KENTON — Corn and soybean fields in this part of Ohio are behind schedule as many farmers here were forced to plant late, the result of an atypically wet spring that left fields too saturated for fieldwork for much of the planting season.
Now, a new problem has surfaced: There’s not enough rain.
Call it the life of a farmer.
“Some of this corn is really starting to be stressed because we need rain,” said Mark Badertscher, an agricultural and natural resources educator for the OSU Extension in Hardin County.
“It’s at a point where some of the fields are tasseling – where it’s entering the reproductive stage and needs to pollinate,” he said. “If it’s hot and dry, we probably won’t have good pollination.”
Pollination problems could hurt yields. And Badertscher said many fields in this area are already behind or uneven.
An early frost could hurt late planted corn too, as stalks may not fully mature.
And then there’s the risk of high-moisture corn, which Badertscher said costs farmers more money as they are forced to dry the grain themselves or get docked by grain elevators.
In a normal year, farmers here plant an average of 80,000 acres of corn and 110,000 acres of soybeans. But Badertscher estimates that up to one-third to one-half of the county’s corn and soybean crop were never planted.
“Most of these acres that didn’t get planted are covered by crop insurance,” he said. Those who weren’t covered were more likely to risk planting late.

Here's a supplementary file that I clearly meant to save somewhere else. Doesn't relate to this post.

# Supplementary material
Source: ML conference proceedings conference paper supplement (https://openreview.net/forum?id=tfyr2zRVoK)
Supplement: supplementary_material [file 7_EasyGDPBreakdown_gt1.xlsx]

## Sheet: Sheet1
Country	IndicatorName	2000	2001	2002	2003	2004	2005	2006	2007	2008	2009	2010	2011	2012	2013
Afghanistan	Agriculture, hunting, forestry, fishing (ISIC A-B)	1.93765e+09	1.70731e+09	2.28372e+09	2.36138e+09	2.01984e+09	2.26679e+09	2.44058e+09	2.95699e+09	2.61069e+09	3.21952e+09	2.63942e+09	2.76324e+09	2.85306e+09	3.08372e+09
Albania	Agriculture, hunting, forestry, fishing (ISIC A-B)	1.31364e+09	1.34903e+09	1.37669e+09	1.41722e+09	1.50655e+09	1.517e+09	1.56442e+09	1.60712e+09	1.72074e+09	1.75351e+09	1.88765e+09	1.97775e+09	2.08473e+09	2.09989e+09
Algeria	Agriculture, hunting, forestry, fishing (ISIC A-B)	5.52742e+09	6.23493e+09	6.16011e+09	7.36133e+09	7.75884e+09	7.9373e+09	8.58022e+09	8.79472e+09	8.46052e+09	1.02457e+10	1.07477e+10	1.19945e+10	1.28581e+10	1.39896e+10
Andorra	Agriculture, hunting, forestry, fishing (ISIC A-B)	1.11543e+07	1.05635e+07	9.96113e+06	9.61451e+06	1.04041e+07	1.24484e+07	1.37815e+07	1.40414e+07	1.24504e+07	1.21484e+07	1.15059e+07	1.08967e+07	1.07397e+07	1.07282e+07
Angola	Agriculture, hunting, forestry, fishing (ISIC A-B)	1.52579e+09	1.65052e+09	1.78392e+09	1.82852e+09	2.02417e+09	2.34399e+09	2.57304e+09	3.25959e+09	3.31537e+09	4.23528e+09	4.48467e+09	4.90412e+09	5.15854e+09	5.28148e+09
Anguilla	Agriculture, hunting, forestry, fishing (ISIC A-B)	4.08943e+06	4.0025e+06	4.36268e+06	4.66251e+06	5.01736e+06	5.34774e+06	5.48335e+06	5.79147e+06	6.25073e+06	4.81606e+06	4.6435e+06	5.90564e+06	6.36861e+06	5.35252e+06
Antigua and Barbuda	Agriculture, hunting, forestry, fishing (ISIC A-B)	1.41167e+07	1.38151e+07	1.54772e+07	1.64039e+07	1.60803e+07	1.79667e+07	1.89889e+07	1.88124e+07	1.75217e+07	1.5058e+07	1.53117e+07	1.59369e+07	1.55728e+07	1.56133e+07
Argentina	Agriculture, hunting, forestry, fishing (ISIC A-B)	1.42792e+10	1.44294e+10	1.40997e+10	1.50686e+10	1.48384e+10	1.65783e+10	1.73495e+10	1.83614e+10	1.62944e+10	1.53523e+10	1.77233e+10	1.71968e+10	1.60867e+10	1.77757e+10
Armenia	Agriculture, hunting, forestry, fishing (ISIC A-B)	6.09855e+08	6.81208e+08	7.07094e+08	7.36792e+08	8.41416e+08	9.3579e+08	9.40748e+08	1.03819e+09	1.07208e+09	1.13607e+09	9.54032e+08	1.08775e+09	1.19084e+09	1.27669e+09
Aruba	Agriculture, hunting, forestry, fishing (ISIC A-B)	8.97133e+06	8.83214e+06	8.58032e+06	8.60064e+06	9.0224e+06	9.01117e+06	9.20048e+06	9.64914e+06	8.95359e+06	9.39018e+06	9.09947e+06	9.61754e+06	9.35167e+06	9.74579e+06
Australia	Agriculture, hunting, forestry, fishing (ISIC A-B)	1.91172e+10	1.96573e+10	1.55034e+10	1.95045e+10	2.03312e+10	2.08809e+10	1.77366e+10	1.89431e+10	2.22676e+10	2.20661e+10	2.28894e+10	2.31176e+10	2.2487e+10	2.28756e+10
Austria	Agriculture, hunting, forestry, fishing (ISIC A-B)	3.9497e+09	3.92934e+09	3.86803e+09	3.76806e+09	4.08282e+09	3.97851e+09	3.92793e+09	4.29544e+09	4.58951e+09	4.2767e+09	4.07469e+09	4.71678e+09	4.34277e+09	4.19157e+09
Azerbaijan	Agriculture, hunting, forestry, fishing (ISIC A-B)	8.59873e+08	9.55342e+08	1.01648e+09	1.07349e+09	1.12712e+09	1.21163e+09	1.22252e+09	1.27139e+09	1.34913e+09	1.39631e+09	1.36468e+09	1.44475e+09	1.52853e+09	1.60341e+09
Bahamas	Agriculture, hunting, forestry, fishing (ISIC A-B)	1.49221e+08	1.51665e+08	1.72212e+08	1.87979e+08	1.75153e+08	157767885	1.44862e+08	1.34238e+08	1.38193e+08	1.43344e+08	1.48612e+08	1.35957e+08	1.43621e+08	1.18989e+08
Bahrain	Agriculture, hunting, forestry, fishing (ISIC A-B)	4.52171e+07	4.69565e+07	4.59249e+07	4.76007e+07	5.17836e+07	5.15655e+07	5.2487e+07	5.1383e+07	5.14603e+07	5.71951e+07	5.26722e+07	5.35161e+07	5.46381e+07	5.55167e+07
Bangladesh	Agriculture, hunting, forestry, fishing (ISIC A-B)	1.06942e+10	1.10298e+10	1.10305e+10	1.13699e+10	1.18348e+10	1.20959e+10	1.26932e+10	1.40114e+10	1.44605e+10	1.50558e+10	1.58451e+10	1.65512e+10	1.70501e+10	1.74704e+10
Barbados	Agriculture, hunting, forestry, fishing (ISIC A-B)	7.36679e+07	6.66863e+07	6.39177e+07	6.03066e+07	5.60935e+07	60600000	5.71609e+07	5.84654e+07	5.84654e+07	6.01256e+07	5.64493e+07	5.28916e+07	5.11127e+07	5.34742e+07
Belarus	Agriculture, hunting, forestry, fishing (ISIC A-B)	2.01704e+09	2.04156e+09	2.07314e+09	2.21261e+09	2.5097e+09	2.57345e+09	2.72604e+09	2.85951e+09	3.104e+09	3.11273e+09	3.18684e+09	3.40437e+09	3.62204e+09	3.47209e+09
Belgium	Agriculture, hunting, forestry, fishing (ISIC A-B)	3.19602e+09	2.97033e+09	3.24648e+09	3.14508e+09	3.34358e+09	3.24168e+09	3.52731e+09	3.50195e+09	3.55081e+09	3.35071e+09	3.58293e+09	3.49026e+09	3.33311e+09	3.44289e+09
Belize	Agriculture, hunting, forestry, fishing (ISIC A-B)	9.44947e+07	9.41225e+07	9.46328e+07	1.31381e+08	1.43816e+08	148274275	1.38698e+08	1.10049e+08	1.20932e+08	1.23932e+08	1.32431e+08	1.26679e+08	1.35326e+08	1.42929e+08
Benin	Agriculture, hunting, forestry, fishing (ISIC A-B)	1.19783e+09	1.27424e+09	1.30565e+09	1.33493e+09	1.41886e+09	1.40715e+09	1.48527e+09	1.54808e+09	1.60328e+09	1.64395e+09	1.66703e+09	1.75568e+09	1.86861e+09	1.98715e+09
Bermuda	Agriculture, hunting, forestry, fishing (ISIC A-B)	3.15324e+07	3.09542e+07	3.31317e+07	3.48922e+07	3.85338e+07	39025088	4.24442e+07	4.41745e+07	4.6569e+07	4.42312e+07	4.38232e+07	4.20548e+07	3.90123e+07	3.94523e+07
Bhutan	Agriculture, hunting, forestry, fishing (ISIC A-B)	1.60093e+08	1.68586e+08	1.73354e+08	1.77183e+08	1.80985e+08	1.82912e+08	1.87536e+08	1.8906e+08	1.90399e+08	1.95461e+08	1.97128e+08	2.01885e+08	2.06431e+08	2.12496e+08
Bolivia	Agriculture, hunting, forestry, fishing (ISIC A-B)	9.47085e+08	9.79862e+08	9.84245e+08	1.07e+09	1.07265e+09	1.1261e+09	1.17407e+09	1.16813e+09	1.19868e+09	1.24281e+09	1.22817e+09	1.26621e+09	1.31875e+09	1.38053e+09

Clint Schroeder, a fellow agricultural and natural resources educator for the OSU Extension in Allen County, suggested up to 10,000 acres of soybeans were planted in the last week of June.
“At that point, people thought it was too late to plant any sort of corn,” he said. “But the (week of) June 25, they were able to get a lot of soybeans in.”
Some farmers skipped planting corn altogether, opting for a combination of prevent planting crop insurance claims and replacing corn acres with soybeans.
Schroeder estimates up to 40% of the county’s corn acreage and 10% of soybean acreage went unplanted this year. Crop conditions at this point are “all over the board.”
Much like Hardin County, pollination is now a concern as fields have been dry and temperatures have been a bit higher than usual.
“We could use some moisture,” Schroeder said. “This crop was stressed from the get go, planted under conditions that weren’t ideal.”
Northwest Ohio farmers are now waiting to see whether they qualify for federal disaster assistance.
Already the U.S. Department of Agriculture has declared Auglaize and four other northwest Ohio counties as natural disaster areas, allowing farmers in those counties who lost crops or were unable to plant because of heavy rains that started last November to apply for low-interest emergency loans through the Farm Service Agency.
Farmers in neighboring counties – including those in Allen, Hancock, Hardin, Logan, Mercer, Putnam, Shelby and Van Wert – will also be eligible for USDA Farm Service Agency disaster loans to replace farm equipment or livestock, or refinance debts.
“That could provide a little relief on payments,” said Badertscher, who pointed to the long list of costs like land or machinery payments that farmers still face even when a crop is never planted. “The money’s going to have to come from somewhere.”
In a similar motion, the U.S. Small Business Administration on Friday announced that small businesses and agricultural cooperatives affected by the flooding on Nov. 11, 2018, in 21 counties, along with another nine counties that experienced heavy rains between March 1 and June 6.
And the Ohio Treasurer’s office extended the deadline for interest rate reductions through the state’s Ag-Link program.
Reach Mackenzi Klemann at 567-242-0456